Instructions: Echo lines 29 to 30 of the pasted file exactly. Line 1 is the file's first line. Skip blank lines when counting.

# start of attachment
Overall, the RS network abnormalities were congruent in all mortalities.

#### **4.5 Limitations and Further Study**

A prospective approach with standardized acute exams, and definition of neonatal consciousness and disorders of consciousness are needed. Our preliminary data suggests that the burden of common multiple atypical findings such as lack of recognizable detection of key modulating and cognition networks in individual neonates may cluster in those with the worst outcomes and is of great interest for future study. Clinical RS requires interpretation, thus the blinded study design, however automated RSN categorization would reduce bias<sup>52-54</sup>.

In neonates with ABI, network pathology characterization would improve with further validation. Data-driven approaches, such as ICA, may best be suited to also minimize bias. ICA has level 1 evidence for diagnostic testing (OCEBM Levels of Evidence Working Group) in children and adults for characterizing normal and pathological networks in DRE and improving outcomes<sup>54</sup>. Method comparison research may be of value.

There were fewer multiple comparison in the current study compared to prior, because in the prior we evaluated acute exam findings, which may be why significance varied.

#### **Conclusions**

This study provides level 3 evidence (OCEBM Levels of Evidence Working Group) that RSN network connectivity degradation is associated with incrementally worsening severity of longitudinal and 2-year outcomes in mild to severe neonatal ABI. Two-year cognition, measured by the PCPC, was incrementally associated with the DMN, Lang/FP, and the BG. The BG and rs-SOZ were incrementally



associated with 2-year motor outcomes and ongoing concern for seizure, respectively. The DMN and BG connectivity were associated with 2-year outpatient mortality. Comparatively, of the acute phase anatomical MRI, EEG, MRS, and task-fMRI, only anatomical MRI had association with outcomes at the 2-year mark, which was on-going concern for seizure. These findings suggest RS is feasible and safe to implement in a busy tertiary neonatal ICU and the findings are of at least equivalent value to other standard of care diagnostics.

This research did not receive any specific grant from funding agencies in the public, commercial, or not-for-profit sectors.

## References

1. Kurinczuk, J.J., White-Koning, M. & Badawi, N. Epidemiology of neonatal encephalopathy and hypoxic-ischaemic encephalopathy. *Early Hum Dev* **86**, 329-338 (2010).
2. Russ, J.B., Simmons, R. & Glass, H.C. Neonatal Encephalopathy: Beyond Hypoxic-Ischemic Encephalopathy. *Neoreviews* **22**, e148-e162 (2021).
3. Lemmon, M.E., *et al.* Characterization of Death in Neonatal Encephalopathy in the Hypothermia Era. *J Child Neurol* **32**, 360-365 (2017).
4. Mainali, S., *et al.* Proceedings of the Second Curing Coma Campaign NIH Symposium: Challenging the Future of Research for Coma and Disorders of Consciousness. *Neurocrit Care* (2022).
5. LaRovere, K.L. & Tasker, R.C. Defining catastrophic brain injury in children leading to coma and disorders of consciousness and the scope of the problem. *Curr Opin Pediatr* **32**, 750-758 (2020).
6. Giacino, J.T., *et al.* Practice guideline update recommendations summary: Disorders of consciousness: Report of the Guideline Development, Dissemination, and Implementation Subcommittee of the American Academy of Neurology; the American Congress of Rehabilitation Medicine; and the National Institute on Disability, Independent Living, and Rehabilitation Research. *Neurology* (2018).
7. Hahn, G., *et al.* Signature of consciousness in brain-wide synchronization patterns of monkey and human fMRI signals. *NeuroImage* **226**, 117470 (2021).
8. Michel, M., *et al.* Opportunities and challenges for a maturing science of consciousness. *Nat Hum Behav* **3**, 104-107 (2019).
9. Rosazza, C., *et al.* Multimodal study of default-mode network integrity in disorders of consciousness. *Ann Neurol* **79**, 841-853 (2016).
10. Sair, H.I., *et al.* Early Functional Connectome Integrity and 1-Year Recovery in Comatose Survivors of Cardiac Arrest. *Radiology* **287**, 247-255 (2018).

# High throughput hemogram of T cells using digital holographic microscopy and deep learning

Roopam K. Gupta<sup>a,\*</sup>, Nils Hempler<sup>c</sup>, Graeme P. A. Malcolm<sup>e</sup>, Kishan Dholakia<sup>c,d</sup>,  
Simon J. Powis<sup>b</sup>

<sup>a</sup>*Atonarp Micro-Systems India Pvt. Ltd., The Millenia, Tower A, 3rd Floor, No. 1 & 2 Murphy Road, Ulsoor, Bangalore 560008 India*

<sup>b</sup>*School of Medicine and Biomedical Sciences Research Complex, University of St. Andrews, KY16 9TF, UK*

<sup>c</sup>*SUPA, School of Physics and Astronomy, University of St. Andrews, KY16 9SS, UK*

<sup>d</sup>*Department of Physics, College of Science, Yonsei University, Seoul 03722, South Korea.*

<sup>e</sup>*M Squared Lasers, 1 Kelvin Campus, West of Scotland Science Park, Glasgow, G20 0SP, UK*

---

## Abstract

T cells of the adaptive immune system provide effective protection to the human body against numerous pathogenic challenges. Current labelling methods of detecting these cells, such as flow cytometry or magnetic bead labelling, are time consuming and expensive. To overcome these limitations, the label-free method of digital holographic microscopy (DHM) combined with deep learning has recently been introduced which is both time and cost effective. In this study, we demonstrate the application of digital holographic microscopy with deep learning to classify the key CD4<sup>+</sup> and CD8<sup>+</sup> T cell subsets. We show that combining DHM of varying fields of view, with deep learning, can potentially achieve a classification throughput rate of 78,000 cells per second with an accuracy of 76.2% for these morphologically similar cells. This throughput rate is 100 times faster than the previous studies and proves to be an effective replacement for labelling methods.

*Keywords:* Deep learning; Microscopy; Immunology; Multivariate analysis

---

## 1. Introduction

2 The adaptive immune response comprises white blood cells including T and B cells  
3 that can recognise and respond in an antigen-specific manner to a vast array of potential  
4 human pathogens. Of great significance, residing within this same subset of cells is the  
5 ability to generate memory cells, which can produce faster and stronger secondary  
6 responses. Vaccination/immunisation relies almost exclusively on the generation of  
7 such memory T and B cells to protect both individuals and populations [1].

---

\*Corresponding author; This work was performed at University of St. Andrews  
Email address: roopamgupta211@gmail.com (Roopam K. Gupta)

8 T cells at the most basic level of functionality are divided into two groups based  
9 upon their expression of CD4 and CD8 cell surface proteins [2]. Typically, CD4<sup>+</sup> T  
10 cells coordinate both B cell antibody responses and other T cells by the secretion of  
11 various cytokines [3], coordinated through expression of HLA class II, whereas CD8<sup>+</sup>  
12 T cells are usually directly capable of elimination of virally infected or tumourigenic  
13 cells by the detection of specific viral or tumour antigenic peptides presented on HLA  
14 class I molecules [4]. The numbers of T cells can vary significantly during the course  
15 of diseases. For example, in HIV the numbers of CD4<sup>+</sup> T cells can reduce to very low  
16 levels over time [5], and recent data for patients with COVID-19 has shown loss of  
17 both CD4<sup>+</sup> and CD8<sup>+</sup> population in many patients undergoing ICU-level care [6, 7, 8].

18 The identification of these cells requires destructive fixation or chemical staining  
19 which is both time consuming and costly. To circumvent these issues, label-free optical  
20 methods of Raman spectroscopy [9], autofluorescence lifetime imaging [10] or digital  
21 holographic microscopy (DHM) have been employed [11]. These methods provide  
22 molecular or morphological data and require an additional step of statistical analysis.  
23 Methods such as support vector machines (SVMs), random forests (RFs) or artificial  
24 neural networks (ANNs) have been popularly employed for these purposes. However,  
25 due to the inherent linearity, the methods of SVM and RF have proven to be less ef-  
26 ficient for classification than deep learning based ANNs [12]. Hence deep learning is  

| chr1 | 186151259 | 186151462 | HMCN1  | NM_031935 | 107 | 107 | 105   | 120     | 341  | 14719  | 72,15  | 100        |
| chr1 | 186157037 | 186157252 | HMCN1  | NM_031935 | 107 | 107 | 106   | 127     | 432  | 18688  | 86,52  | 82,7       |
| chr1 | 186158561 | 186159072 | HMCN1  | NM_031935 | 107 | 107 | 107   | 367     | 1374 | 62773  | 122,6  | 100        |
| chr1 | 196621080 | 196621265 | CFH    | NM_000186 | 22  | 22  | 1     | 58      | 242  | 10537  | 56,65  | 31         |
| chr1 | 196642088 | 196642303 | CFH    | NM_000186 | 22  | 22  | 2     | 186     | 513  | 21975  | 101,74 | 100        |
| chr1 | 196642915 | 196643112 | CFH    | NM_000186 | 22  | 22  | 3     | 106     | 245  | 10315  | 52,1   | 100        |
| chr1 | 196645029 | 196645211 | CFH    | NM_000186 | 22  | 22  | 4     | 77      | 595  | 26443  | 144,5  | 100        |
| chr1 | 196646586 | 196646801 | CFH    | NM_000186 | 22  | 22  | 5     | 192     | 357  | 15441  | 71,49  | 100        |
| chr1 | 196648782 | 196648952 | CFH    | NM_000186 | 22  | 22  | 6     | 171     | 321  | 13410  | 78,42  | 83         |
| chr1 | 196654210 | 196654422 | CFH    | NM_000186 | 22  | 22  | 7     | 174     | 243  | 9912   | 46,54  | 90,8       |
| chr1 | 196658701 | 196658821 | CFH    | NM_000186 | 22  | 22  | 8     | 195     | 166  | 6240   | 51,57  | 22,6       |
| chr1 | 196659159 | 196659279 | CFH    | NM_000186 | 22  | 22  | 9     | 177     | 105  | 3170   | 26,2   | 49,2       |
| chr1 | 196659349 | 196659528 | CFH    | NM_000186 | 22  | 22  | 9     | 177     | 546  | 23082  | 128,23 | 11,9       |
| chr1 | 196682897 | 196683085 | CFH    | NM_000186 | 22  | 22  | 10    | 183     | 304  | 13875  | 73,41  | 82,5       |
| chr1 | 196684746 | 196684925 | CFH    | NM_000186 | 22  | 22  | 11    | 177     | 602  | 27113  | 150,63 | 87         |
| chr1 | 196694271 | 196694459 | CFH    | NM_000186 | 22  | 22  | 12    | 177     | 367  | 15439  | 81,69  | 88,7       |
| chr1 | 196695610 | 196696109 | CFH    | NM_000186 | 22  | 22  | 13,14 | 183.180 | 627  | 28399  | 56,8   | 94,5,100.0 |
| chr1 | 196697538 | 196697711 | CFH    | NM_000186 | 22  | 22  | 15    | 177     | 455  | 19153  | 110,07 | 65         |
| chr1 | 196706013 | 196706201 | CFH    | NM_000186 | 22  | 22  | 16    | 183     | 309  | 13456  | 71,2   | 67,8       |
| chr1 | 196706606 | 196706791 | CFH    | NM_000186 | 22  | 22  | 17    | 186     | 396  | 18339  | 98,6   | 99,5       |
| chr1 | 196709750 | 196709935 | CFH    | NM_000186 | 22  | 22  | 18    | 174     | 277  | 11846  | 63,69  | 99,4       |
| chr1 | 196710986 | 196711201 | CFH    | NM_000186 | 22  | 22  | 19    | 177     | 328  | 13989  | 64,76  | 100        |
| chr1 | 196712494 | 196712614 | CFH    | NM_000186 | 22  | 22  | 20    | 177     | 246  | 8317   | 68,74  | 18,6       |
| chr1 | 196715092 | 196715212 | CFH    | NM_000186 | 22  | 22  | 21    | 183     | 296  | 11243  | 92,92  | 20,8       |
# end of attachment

---

## Abstract